Film Chair Rob Epstein's "Times of Harvey Milk" In National Film Registry

It was announced in December by Librarian of Congress James H. Billington that Film chair and MFA in Film cochair Rob Epstein's 1984 Academy Award-winning documentary The Times of Harvey Milk was selected for inclusion in the National Film Registry of the Library of Congress.

"Established by Congress in 1989, the National Film Registry spotlights the importance of preserving America’s unparalleled film heritage," said Billington. "These films are not selected as the ‘best’ American films of all time, but rather as works of enduring importance to American culture. They reflect who we are as a people and as a nation."

Read Library of Congress press release »

Criteria, Selection, and Preservation

Under the terms of the National Film Preservation Act, each year the Librarian of Congress names 25 films to the National Film Registry that are "culturally, historically or aesthetically" significant. The films must be at least 10 years old. The Librarian makes the annual selections to the registry after reviewing hundreds of titles nominated by the public and conferring with Library film curators and the distinguished members of the National Film Preservation Board (NFPB).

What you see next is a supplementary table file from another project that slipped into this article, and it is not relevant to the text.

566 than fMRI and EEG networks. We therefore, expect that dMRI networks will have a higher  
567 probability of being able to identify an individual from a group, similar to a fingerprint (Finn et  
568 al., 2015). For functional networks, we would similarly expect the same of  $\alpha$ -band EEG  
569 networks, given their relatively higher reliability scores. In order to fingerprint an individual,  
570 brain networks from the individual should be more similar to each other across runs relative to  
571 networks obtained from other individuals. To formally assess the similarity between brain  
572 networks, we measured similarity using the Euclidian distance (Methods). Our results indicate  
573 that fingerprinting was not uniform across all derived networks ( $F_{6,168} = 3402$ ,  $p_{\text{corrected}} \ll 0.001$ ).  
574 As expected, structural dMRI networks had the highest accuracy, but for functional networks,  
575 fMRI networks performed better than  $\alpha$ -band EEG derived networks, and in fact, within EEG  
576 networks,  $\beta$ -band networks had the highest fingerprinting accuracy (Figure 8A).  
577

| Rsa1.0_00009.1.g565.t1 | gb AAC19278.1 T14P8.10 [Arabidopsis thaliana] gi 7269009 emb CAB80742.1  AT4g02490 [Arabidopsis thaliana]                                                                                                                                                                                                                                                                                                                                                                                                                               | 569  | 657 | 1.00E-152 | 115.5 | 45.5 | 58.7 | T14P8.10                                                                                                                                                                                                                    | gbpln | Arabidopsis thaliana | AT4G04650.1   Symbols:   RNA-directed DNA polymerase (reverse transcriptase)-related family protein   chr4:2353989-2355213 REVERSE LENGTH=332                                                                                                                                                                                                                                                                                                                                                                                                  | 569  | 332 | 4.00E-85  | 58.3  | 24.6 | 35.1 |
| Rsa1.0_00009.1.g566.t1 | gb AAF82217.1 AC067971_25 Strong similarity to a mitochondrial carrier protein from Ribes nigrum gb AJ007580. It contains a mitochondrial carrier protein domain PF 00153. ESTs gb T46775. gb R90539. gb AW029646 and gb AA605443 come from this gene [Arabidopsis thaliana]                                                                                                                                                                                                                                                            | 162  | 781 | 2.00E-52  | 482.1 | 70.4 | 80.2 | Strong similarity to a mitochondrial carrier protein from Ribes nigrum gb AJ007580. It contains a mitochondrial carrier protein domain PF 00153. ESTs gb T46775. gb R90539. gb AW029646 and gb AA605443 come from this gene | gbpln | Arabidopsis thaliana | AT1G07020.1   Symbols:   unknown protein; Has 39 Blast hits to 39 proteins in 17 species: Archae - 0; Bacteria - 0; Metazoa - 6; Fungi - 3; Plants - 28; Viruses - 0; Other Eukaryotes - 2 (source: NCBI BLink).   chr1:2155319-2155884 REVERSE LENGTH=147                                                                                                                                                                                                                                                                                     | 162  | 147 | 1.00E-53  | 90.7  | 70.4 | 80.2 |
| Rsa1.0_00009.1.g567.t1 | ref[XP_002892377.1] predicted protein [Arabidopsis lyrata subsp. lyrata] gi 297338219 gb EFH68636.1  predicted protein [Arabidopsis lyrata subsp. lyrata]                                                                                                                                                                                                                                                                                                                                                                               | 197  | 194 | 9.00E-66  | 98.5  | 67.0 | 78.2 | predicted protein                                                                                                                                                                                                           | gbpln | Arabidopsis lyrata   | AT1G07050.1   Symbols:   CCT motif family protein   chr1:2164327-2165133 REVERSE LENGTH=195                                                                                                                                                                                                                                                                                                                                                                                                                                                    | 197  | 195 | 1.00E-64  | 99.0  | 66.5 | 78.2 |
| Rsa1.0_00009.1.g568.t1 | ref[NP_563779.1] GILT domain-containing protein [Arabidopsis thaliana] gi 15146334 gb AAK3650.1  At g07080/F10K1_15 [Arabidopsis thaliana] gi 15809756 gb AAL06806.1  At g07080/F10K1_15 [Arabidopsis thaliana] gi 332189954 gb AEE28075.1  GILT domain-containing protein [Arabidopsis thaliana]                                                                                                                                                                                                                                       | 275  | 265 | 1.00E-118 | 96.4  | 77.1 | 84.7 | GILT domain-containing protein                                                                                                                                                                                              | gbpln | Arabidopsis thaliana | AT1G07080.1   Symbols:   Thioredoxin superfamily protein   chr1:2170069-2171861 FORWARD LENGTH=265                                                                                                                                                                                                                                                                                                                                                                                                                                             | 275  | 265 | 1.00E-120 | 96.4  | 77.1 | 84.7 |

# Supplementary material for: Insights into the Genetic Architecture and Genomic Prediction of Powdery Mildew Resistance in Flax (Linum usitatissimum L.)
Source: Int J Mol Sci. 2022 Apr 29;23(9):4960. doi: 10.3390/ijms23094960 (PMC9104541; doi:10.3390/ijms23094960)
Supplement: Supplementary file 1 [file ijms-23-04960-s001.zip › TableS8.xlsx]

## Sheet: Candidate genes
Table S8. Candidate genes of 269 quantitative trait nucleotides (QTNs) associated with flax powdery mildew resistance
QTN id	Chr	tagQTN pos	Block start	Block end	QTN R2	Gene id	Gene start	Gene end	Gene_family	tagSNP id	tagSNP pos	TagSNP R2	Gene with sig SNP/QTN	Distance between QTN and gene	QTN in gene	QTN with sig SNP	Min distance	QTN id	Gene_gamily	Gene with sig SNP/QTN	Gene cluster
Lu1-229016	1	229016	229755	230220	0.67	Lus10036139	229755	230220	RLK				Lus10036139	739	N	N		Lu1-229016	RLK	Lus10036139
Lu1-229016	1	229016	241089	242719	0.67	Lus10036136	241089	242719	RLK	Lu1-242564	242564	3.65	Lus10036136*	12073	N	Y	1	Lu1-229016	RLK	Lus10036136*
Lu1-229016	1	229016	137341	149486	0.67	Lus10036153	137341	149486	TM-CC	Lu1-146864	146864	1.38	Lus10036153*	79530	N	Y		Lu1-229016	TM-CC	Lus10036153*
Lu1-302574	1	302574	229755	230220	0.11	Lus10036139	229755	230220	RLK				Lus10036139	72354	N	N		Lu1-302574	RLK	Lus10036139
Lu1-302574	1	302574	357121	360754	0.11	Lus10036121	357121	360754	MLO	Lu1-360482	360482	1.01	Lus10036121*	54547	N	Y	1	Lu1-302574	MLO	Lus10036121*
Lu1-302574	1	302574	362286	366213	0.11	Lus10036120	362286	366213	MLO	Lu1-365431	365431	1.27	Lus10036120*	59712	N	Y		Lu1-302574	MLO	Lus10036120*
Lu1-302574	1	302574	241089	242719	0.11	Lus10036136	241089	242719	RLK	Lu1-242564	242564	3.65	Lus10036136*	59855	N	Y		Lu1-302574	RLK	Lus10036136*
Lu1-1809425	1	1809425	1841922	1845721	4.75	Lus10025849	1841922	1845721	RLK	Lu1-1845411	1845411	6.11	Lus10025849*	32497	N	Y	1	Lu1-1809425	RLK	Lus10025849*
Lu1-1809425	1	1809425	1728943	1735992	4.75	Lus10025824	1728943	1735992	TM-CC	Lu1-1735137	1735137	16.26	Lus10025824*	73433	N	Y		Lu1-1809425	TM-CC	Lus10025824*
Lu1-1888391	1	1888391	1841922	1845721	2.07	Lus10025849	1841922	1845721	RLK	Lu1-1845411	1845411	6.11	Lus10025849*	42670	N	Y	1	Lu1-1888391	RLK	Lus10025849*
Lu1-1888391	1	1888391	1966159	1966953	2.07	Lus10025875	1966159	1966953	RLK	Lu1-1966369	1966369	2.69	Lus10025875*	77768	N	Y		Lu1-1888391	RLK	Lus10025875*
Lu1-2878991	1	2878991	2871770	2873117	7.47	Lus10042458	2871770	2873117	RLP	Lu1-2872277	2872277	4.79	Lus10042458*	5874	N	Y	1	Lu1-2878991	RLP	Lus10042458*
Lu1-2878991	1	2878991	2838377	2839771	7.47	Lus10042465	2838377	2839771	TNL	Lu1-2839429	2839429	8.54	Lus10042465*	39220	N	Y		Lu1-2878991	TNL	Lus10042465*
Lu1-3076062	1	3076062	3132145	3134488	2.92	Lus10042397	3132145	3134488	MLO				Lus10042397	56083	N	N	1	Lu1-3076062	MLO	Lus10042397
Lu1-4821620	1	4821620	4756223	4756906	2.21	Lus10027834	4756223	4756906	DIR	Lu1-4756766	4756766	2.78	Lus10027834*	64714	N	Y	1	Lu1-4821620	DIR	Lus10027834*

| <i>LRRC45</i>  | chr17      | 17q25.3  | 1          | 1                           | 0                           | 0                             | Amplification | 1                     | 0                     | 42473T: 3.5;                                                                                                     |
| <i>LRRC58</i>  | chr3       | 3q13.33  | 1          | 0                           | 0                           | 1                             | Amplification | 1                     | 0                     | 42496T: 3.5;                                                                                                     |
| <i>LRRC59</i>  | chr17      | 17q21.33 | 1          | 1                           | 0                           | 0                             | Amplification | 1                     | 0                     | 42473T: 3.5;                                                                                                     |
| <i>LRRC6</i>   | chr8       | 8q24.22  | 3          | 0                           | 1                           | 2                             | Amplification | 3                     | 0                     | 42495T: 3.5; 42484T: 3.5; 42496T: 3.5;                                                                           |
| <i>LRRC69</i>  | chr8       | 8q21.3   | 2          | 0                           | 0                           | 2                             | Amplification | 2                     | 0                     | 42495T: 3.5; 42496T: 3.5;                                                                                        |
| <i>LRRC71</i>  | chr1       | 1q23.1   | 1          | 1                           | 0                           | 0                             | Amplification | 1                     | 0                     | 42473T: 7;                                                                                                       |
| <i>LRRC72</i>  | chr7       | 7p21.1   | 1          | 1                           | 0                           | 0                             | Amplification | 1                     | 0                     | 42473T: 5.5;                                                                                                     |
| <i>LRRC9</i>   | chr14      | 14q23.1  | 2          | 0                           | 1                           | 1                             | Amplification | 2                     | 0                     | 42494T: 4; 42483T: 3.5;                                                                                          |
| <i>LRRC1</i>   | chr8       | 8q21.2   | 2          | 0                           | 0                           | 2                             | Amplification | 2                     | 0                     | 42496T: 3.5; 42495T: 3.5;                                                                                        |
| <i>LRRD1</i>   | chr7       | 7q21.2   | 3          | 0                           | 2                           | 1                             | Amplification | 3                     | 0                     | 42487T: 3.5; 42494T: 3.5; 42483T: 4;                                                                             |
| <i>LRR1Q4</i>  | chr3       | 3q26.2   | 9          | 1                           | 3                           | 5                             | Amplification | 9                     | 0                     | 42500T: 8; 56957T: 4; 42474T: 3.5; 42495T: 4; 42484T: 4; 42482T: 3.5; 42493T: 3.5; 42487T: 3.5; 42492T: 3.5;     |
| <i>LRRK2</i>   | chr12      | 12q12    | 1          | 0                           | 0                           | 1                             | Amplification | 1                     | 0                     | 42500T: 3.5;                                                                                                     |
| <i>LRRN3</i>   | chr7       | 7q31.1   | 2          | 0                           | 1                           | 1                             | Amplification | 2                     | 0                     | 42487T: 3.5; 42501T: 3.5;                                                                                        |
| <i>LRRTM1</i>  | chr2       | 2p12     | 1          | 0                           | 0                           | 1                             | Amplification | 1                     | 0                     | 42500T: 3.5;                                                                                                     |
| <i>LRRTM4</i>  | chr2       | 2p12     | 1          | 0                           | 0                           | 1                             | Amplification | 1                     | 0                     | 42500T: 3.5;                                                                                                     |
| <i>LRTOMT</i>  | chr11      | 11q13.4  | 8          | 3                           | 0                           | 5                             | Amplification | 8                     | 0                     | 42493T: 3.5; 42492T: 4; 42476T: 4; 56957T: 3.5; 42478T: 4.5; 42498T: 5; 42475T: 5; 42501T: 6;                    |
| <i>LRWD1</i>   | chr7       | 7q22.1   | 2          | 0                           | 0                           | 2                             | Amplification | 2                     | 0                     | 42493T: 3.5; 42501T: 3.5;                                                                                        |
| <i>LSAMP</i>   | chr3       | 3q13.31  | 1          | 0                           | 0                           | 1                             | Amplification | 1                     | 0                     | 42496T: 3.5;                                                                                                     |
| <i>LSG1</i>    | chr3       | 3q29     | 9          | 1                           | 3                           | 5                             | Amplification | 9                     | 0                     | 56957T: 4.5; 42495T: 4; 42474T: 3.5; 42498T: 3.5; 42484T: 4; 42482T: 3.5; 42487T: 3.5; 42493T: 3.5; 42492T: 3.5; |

For each title named to the registry, the Library of Congress Packard Campus for Audio Visual Conservation works to ensure the film is preserved for future generations, either through the Library’s motion picture preservation program or through collaborative ventures with other archives, motion picture studios, and independent filmmakers.

About The Times of Harvey Milk

Told largely with revealing news clips and archival footage interspersed with personal reminiscences, The Times of Harvey Milk, directed by Rob Epstein, vividly recounts the life of San Francisco’s first openly gay elected city official.

The film, which received an Academy Award for Best Documentary Feature, traces Milk’s ascent from Bay Area businessman to political prominence as city supervisor and his 1978 assassination, which also claimed the life of San Francisco Mayor George Moscone.

While illuminating the effect that Milk had on those who knew him, the film also documents the nascent gay rights movement of the 1970s. The film, with its moving and incisive portrait of a city, a culture, and a struggle -- as well as Milk’s indomitable spirit -- resonates profoundly as a historical document of a grassroots movement gaining political power through democratic means.